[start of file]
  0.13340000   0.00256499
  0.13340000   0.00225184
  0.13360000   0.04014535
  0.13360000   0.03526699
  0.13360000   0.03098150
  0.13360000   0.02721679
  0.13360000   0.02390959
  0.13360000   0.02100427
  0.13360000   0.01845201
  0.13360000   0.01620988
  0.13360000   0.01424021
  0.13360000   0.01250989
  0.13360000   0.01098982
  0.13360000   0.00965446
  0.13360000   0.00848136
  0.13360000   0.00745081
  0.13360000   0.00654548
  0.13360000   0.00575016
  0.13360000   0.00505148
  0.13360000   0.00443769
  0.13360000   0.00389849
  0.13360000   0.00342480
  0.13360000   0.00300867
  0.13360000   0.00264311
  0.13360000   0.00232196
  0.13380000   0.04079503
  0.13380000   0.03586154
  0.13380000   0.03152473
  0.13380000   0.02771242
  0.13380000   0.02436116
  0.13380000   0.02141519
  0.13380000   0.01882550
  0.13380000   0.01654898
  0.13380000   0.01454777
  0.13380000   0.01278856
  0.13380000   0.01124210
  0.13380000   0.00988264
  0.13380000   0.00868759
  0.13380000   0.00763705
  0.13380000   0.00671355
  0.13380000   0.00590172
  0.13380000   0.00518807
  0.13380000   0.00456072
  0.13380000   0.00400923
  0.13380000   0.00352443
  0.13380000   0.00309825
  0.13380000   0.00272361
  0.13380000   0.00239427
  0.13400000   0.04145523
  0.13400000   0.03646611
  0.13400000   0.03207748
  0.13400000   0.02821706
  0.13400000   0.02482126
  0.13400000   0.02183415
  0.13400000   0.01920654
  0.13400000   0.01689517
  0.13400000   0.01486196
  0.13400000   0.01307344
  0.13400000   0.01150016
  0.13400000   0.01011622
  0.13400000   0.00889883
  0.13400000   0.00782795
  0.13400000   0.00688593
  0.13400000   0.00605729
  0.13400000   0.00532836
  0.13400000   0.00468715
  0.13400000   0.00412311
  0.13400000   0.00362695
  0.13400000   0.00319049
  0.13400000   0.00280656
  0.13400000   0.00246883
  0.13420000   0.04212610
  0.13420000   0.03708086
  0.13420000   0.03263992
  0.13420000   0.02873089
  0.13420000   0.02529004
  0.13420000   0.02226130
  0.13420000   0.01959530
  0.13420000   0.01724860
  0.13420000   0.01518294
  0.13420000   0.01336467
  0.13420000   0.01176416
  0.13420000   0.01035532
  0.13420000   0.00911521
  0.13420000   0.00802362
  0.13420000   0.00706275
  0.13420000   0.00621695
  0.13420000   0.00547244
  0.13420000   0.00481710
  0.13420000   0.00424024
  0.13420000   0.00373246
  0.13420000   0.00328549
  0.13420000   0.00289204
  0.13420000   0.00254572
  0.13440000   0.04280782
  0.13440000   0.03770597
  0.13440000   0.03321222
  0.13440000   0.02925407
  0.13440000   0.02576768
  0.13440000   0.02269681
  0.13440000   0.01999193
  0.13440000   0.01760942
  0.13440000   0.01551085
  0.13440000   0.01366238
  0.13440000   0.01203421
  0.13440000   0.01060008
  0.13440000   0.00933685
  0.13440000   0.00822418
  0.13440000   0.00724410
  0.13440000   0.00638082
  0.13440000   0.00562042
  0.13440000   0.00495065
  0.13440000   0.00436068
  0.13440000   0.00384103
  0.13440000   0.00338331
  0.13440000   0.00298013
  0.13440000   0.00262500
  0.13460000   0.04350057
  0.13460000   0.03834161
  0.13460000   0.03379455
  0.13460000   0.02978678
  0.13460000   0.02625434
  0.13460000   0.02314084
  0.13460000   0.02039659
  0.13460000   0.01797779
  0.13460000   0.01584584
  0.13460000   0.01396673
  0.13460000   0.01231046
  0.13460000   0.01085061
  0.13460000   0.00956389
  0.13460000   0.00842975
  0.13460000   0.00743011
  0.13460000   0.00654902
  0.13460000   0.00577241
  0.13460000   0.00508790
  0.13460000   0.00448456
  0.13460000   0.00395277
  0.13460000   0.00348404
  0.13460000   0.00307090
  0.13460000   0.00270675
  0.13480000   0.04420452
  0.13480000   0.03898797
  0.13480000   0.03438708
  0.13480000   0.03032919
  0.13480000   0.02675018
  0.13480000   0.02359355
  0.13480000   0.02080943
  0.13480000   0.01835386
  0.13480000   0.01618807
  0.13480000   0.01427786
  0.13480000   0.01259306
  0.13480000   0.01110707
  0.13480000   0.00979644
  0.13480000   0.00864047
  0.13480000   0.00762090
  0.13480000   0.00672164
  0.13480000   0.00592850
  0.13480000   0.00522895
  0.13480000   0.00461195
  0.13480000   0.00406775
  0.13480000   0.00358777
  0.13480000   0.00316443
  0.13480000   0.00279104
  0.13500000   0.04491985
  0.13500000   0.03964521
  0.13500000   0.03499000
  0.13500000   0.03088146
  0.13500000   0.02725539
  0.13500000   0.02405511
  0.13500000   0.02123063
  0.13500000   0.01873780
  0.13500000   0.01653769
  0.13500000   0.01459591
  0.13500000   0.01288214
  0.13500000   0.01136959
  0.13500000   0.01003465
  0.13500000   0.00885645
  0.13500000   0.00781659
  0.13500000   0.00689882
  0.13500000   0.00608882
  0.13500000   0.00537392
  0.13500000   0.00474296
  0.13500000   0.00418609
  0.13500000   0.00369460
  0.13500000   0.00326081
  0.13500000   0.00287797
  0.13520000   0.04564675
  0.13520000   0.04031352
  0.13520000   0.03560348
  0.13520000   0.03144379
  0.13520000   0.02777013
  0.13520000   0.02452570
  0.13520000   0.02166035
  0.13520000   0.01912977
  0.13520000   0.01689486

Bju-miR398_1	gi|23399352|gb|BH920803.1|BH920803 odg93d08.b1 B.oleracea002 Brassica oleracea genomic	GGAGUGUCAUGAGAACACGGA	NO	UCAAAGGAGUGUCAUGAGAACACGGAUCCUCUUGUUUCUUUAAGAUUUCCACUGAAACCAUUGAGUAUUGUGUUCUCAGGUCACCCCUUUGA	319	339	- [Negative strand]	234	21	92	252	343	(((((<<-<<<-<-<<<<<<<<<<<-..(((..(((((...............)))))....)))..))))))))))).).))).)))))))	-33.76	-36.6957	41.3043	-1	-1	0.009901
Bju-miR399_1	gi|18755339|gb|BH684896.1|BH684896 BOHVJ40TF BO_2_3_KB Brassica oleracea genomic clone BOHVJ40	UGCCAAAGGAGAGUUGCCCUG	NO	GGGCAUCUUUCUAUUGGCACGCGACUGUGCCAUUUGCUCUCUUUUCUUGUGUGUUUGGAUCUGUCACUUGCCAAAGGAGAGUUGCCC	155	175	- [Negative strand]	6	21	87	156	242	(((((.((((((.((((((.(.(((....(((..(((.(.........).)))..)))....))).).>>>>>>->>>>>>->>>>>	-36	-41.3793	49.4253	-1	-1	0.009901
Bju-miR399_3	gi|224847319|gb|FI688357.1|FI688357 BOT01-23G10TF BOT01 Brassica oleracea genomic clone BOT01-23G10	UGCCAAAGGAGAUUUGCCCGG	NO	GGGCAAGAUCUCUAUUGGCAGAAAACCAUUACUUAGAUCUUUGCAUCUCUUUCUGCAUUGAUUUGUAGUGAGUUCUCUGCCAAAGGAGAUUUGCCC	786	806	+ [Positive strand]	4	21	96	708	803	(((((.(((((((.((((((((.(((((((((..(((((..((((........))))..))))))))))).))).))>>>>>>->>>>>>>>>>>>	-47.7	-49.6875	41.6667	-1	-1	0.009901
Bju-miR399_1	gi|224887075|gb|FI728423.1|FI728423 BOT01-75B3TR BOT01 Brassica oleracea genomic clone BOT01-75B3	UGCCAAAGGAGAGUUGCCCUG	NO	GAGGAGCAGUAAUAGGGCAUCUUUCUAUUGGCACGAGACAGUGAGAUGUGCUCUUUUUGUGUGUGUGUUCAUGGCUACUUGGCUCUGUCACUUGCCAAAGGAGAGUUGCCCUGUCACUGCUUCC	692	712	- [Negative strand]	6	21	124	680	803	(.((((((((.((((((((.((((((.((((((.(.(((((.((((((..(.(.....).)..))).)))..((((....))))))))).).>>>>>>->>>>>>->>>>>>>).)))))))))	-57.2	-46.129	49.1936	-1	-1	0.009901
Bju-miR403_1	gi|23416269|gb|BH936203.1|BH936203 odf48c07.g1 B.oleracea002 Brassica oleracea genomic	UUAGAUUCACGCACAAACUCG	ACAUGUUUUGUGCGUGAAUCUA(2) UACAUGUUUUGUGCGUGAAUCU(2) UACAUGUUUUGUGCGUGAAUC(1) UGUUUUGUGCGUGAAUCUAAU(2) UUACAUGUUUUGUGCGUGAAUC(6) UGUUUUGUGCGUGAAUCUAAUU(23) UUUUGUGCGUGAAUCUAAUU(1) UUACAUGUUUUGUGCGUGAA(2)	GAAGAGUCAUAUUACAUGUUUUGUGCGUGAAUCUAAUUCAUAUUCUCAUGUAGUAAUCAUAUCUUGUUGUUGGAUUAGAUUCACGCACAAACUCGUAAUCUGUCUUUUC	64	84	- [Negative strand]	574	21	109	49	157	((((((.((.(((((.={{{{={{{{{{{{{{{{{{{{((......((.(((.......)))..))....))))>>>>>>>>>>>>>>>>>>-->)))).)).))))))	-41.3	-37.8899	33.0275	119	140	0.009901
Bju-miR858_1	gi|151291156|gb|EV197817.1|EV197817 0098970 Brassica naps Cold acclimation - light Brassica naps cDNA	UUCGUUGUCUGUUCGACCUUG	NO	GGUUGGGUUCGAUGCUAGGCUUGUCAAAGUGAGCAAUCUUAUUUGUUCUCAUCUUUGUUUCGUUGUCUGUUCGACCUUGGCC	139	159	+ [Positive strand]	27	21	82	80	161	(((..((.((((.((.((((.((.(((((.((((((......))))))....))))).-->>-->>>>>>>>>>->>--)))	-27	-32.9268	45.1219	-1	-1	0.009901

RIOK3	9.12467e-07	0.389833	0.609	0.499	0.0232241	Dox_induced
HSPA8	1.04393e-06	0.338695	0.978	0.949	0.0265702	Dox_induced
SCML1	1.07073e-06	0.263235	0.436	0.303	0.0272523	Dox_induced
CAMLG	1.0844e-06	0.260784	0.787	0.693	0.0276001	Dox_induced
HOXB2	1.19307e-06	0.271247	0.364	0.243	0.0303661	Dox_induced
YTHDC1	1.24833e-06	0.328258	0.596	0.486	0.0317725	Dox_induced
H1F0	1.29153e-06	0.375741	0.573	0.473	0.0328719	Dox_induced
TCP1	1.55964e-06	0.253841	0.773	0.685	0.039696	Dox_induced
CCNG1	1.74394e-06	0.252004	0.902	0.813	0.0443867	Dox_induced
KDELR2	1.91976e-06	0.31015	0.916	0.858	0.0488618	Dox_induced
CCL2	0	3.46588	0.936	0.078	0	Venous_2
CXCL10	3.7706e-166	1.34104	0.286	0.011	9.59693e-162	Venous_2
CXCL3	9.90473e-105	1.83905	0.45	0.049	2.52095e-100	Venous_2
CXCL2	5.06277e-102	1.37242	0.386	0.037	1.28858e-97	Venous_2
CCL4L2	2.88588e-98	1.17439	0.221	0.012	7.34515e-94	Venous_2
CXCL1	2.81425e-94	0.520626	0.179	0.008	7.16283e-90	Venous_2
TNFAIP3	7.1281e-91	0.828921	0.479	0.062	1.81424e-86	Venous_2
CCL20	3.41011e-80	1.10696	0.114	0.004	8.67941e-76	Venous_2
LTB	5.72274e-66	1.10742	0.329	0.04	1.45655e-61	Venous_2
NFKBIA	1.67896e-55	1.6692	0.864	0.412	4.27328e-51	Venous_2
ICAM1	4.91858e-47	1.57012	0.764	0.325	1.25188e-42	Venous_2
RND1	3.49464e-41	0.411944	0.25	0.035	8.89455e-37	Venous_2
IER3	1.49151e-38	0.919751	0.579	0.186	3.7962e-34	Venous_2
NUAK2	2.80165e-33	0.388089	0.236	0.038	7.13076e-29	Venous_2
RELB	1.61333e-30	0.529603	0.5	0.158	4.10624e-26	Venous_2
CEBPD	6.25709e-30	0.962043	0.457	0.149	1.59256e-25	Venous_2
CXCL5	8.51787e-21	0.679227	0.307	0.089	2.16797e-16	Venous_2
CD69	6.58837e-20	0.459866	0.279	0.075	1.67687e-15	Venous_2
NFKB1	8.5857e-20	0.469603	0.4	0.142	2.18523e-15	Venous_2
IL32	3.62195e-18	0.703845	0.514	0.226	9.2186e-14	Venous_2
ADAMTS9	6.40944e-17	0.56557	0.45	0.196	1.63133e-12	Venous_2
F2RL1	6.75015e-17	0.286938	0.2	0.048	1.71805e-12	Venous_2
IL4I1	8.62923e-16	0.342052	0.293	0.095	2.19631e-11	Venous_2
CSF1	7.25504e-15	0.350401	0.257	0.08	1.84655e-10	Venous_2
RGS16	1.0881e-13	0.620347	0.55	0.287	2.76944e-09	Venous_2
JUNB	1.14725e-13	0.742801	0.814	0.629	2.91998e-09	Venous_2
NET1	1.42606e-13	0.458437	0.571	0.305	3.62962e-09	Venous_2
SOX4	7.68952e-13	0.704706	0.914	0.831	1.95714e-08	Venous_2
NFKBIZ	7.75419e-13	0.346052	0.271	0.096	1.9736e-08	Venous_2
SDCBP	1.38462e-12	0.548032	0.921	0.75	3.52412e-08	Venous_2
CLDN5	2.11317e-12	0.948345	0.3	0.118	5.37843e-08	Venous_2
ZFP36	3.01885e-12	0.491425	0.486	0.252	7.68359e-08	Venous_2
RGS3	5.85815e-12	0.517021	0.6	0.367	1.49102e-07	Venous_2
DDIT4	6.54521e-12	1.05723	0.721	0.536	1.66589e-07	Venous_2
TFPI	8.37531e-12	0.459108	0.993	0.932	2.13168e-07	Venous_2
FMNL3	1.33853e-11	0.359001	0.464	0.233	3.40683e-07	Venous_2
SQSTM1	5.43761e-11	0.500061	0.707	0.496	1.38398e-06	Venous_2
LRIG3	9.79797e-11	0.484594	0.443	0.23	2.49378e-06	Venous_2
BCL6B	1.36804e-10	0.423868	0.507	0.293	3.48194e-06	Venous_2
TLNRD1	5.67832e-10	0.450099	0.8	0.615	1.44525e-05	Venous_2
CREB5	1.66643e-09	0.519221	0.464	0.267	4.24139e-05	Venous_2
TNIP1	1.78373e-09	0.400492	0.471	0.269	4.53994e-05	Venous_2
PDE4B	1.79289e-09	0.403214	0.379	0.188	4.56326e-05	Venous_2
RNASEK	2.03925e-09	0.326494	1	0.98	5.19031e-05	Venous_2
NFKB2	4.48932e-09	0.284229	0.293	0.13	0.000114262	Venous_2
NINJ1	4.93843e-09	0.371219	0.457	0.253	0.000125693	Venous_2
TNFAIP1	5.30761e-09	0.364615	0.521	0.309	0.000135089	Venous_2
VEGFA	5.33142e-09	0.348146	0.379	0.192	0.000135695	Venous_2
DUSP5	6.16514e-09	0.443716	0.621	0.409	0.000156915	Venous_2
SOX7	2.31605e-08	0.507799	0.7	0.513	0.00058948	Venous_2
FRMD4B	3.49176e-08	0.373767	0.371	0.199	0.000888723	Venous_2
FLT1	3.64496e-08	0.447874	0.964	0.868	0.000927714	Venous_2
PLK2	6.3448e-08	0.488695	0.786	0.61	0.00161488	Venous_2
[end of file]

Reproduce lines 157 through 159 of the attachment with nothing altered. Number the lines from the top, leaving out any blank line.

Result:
  0.13480000   0.00592850
  0.13480000   0.00522895
  0.13480000   0.00461195